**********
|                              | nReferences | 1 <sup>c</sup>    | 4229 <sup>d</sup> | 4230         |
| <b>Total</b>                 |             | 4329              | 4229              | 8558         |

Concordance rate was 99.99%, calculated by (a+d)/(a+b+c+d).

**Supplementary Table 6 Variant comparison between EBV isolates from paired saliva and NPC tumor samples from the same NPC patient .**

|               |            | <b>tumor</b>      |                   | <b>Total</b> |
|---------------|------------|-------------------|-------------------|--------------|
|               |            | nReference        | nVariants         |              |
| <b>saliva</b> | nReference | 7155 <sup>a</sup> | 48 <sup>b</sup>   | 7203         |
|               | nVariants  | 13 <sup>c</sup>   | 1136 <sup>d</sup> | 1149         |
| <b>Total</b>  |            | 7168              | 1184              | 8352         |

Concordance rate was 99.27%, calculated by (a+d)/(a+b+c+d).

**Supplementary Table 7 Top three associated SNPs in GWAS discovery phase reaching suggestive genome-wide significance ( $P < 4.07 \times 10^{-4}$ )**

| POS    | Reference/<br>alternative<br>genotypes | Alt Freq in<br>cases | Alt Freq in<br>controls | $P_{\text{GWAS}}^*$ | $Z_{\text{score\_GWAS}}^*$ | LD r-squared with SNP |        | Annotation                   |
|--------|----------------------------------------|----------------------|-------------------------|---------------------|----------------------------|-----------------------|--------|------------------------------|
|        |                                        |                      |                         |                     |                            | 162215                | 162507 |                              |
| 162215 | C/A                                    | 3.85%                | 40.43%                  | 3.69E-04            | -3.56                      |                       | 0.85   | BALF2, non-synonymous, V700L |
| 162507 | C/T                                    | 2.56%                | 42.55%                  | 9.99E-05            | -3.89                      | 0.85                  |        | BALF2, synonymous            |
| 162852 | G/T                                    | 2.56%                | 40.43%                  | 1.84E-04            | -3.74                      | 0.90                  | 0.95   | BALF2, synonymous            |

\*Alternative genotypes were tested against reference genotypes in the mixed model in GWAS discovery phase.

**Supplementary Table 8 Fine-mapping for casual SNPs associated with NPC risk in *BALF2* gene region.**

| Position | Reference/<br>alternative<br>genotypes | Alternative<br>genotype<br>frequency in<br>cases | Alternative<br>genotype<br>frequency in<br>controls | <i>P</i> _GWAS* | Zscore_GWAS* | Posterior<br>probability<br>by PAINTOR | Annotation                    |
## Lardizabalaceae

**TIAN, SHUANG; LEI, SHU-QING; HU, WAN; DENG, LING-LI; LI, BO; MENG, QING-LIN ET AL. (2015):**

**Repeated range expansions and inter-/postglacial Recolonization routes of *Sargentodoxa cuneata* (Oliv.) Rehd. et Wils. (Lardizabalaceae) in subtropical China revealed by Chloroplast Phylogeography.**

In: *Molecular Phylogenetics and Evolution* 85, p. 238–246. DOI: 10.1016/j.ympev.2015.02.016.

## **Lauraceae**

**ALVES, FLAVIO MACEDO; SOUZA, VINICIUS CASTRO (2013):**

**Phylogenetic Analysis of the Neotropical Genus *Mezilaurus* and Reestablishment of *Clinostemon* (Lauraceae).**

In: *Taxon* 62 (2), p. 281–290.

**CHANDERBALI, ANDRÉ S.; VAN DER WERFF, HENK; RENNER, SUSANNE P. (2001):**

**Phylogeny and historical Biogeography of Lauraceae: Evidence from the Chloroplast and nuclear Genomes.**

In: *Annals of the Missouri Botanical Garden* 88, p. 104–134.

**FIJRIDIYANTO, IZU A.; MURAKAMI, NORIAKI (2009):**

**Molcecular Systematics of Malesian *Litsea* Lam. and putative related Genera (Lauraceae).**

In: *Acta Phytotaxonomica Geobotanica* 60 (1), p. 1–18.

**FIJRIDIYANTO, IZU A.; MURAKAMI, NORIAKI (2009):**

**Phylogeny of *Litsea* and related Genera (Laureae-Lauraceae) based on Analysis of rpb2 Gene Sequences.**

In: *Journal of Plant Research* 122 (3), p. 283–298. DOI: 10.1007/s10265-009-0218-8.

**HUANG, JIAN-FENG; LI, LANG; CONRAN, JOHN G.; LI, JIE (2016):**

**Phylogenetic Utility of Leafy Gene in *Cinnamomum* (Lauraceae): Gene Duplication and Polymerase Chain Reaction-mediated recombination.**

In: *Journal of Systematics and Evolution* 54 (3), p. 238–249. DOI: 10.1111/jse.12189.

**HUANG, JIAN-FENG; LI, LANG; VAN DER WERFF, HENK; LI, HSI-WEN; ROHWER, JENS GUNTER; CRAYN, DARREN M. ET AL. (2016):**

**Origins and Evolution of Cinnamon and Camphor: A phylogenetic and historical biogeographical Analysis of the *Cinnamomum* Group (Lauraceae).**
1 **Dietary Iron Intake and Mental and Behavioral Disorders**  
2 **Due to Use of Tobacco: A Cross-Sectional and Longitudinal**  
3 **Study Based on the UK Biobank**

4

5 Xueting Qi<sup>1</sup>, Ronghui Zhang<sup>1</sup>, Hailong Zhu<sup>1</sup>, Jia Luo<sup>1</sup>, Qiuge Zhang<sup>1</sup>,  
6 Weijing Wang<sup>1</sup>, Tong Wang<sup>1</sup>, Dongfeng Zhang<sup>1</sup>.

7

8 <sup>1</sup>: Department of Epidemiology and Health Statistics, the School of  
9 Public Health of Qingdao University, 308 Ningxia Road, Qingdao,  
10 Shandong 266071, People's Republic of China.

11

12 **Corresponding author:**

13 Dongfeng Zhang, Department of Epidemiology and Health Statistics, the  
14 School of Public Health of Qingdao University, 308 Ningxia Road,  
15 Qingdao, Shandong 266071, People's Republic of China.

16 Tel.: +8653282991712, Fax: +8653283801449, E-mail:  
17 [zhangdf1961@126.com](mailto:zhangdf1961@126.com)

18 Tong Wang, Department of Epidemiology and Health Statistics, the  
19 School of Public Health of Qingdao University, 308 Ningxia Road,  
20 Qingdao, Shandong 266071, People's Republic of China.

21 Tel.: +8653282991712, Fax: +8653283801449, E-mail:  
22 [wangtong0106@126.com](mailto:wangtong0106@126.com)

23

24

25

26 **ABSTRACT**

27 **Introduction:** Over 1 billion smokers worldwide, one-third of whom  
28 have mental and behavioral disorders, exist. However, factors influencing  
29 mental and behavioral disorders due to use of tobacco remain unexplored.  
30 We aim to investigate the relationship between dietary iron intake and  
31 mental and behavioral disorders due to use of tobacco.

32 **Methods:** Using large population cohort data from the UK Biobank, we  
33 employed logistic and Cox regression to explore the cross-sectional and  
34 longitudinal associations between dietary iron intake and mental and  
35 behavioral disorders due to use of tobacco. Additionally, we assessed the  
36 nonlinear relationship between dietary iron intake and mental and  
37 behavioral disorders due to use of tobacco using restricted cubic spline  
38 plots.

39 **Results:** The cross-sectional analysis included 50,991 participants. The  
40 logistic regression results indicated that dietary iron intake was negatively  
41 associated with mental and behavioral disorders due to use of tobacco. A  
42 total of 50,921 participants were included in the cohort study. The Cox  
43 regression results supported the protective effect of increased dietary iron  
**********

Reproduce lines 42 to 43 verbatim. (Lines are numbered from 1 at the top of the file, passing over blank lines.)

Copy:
**HUANG, JIAN-FENG; LI, LANG; VAN DER WERFF, HENK; LI, HSI-WEN; ROHWER, JENS GUNTER; CRAYN, DARREN M. ET AL. (2016):**

**Origins and Evolution of Cinnamon and Camphor: A phylogenetic and historical biogeographical Analysis of the *Cinnamomum* Group (Lauraceae).**